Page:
My 12 year old son’s teacher is known to the whole school as the one who gives out more homework than anyone else. He spends at least three hours every night on homework (and he is really working all that time) and this is really stressing him out! How do I help my son and also talk to the teacher about this excessive homework load?

— Stressed Mom,

 

Dear Stressed Mom,

It sounds like you have already observed that your son is very conscientious about how he does his homework. You might want to check with other parents to see how their kids are coping with their homework. If it seems that all or most of the kids are in the same situation, consider asking for a group meeting with the teacher. Before you go, look at some of the latest research on homework and find out what guidelines other teachers and school systems are following with regard to daily homework. When you meet with the teacher, be sure to listen to their perspective in a respectful way—the teacher is probably doing what they think is best for the students. Suggest some kind of compromise as an experiment—maybe one or two hours of homework a night—and see the effect on student performance.

signed, Dr. M.
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— October 5, 2016 —

My daughter is eleven years old and hates talking on the phone. It doesn't matter who is calling, even if they’re family members. Please advise me about how I can help her get over this fear.

— Puzzled Mom

 

Dear Puzzled Mom,

Explain to your daughter that becoming comfortable talking on the phone will take a lot of time and practice, but it will worth it. Try to show her that you understand her discomfort, and that you want to support her as she overcomes this fear. Here are a couple of actions you can take: role play telephone conversations in which you pretend to be various people, such as a close relative, a telemarketer, a teacher and a friend. Each time you do this, give her feedback, making sure that you find something positive and also give her a suggestion for what she can do better the next time. Be patient and understanding, and make sure you tell her how proud you are of what she’s trying to do.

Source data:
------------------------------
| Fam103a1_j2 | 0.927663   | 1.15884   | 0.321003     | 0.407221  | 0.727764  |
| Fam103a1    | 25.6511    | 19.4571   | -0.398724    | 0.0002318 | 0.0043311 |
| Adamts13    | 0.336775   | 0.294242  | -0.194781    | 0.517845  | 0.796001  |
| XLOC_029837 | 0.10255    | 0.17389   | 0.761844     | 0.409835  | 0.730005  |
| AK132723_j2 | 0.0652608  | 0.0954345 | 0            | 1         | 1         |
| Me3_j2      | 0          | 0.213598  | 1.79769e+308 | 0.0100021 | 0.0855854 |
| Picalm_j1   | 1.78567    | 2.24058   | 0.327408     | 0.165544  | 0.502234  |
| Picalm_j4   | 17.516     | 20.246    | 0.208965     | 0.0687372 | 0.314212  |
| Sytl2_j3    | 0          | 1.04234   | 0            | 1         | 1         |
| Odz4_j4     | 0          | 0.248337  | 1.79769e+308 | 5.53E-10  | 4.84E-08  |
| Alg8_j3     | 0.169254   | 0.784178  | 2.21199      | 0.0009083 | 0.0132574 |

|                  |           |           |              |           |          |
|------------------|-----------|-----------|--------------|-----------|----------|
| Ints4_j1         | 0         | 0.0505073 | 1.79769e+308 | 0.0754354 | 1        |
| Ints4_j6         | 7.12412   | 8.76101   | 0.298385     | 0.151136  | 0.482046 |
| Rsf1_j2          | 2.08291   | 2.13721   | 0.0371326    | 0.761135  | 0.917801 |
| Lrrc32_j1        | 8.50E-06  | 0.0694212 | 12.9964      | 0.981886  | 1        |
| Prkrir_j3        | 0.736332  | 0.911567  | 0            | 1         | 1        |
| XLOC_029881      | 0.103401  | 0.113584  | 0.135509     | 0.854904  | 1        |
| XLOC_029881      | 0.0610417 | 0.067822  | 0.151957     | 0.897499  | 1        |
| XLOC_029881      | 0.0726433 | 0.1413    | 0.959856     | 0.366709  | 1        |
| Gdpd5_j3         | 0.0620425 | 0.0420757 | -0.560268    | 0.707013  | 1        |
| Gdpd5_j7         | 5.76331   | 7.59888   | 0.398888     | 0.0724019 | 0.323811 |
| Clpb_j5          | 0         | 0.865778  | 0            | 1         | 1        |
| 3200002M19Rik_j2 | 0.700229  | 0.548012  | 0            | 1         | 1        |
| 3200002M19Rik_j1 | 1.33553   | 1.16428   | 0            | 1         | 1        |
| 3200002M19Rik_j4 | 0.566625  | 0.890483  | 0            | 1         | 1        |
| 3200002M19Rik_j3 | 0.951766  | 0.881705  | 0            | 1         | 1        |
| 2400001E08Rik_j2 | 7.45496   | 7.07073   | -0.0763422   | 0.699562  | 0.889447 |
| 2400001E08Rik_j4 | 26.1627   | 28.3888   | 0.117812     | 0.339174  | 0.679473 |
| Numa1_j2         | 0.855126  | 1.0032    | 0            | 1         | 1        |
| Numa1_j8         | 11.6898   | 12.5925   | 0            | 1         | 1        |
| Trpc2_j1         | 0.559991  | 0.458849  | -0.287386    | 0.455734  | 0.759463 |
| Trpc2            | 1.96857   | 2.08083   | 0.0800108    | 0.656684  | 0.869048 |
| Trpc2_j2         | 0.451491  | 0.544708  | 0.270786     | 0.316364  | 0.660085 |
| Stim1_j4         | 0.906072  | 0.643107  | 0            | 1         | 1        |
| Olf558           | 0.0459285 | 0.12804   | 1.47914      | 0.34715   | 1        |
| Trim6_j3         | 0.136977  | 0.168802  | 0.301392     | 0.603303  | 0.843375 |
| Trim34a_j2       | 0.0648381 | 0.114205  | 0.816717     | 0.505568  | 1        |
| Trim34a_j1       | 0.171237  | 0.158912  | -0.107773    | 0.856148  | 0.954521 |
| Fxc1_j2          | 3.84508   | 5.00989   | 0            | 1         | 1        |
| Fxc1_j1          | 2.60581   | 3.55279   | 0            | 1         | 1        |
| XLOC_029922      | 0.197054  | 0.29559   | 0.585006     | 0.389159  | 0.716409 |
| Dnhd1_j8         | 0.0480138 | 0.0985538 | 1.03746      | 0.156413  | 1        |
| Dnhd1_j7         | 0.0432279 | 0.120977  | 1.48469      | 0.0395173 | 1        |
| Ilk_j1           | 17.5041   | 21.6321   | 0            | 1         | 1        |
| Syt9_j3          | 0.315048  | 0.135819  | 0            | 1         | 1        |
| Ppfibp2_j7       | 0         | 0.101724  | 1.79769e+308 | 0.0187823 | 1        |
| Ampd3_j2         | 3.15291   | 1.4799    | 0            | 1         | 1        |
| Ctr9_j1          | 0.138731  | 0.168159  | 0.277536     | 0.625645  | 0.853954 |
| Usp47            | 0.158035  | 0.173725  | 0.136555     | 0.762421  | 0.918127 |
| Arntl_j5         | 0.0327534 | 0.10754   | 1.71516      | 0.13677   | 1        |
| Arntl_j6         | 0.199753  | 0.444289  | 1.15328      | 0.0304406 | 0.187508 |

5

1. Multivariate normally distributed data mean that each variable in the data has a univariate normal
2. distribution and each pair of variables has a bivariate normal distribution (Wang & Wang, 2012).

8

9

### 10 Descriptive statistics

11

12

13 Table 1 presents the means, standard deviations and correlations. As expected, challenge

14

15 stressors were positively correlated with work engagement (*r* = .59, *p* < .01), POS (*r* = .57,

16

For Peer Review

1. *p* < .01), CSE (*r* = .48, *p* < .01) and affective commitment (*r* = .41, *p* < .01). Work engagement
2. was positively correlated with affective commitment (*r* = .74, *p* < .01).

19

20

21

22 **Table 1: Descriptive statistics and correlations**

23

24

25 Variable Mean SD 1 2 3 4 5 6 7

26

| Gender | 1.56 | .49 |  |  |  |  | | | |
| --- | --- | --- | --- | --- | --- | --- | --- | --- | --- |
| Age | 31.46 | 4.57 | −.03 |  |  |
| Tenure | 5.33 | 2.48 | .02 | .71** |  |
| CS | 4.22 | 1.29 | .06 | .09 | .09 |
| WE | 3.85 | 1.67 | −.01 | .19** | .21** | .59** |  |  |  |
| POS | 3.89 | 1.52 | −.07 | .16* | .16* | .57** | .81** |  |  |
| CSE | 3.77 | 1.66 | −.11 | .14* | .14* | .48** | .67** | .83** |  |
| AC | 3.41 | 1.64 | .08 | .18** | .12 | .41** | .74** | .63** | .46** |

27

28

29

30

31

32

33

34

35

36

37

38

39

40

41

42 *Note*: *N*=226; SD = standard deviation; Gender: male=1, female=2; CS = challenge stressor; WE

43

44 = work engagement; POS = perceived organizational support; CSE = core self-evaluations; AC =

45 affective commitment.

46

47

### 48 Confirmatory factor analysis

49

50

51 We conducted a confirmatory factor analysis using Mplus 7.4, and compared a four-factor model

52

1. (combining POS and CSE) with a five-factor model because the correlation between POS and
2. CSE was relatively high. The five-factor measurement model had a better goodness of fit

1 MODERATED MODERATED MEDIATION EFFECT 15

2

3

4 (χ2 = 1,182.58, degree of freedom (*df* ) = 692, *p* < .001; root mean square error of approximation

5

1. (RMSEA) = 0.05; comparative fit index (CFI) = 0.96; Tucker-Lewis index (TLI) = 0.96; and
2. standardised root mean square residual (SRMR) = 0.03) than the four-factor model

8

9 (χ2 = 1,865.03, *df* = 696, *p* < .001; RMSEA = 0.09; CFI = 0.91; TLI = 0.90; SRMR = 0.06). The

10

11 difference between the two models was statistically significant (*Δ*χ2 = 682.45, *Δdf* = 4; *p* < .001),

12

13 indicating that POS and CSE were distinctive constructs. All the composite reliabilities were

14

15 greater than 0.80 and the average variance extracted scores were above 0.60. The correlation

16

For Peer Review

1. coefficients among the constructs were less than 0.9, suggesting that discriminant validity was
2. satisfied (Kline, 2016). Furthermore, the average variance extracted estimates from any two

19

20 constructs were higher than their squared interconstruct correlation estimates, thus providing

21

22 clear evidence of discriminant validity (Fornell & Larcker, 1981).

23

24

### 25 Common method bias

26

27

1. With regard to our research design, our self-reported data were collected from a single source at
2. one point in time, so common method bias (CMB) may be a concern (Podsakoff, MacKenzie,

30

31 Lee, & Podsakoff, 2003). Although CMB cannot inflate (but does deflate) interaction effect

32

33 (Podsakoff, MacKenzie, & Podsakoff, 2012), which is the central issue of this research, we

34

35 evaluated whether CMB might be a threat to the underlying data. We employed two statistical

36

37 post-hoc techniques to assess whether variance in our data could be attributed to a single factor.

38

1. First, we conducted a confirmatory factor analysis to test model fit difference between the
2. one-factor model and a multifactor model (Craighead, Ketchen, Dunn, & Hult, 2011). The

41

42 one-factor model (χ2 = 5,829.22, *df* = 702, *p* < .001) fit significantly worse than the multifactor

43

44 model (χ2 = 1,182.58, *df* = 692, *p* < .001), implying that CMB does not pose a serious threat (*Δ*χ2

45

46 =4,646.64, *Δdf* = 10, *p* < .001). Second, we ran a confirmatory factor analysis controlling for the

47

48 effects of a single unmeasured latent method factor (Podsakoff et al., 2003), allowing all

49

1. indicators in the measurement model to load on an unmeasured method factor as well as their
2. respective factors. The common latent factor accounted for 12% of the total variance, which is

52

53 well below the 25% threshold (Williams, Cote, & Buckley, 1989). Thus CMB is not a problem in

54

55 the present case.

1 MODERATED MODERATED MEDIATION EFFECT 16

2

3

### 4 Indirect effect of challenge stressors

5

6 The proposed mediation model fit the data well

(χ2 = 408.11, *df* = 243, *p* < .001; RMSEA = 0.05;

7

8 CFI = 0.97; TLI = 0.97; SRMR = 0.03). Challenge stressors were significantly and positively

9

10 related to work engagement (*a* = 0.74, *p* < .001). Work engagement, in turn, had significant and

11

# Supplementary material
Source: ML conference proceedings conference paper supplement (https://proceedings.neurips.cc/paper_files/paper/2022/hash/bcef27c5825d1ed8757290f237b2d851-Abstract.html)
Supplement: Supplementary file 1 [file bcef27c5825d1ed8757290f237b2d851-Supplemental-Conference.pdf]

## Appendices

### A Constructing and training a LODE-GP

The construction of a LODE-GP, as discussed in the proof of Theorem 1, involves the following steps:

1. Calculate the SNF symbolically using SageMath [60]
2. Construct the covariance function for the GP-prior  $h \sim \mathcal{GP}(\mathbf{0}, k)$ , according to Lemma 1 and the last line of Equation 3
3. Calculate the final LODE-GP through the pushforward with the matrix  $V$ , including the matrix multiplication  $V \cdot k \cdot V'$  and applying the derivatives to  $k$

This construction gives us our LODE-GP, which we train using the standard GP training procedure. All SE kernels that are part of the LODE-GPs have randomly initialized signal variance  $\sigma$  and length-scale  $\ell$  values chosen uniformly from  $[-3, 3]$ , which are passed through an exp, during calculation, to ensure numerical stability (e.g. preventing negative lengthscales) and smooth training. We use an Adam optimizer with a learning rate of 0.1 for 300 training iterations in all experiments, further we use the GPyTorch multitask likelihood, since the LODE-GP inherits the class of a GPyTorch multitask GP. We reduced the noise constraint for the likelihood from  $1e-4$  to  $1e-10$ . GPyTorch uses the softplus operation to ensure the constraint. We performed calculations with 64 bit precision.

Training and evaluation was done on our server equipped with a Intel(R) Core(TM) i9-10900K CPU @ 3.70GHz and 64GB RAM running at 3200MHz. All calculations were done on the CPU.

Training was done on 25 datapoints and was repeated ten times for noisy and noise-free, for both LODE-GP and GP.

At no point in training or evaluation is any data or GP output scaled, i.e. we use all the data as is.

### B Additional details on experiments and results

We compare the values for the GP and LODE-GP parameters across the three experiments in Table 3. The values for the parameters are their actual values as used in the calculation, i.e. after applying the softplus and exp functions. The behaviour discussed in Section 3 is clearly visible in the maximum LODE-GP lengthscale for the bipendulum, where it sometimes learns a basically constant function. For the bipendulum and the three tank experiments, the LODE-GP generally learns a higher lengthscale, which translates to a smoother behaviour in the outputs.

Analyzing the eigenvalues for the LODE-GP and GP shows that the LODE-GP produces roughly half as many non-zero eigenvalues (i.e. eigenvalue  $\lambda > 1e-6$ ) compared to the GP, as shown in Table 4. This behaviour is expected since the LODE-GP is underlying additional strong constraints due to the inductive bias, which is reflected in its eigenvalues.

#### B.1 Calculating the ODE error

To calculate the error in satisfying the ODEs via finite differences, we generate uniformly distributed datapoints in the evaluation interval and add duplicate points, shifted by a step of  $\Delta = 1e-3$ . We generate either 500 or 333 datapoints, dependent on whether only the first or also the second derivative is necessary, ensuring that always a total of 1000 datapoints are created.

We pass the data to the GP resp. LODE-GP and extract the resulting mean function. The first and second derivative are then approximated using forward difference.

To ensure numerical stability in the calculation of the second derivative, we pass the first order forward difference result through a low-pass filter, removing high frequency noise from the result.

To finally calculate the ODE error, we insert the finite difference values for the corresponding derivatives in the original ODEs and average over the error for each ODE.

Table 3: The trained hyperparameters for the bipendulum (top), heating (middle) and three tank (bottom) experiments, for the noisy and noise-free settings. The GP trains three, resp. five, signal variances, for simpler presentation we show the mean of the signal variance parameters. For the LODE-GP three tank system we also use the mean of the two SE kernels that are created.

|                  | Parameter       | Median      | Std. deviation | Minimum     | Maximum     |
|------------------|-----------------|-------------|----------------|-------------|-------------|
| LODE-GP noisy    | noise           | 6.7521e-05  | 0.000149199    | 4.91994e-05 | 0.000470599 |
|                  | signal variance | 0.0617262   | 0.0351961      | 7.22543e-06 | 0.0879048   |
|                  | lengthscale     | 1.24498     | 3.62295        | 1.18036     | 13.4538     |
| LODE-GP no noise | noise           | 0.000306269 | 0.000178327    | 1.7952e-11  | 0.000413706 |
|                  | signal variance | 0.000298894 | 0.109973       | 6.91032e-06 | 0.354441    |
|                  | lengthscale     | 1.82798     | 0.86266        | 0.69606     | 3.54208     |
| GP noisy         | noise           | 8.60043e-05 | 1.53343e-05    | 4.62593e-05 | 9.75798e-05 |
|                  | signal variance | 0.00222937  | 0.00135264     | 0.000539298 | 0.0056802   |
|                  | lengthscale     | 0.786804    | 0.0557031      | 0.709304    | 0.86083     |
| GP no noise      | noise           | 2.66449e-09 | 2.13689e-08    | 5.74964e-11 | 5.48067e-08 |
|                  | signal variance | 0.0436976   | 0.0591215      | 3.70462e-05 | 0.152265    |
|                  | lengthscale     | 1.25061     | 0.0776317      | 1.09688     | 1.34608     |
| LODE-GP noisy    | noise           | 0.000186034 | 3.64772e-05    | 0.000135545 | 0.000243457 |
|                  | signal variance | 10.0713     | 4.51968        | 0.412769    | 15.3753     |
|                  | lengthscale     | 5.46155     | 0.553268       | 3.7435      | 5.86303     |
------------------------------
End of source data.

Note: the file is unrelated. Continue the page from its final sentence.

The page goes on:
signed, Dr. M.
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— September 18, 2016 —

I have a daughter who is 25 months old and I just had a healthy baby boy a week ago. For the past 9 months, my mother-in-law has been saying things that have hurt my feelings. She keeps saying things like "how are you going to manage 2 kids?" or "I hope this baby won't ruin Julie's security" and a lot of other similar things that make me feel as if having a 2nd baby was a big mistake and I've ruined my daughter's life or that I'm a horrible mother. My daughter is well adjusted and has not had any issue with her new brother. She wants to help by getting me things like diapers and we make sure we spend quality time with her just as we did before baby brother arrived. These comments have me crying and are really annoying. What can I do to end this without starting a big battle?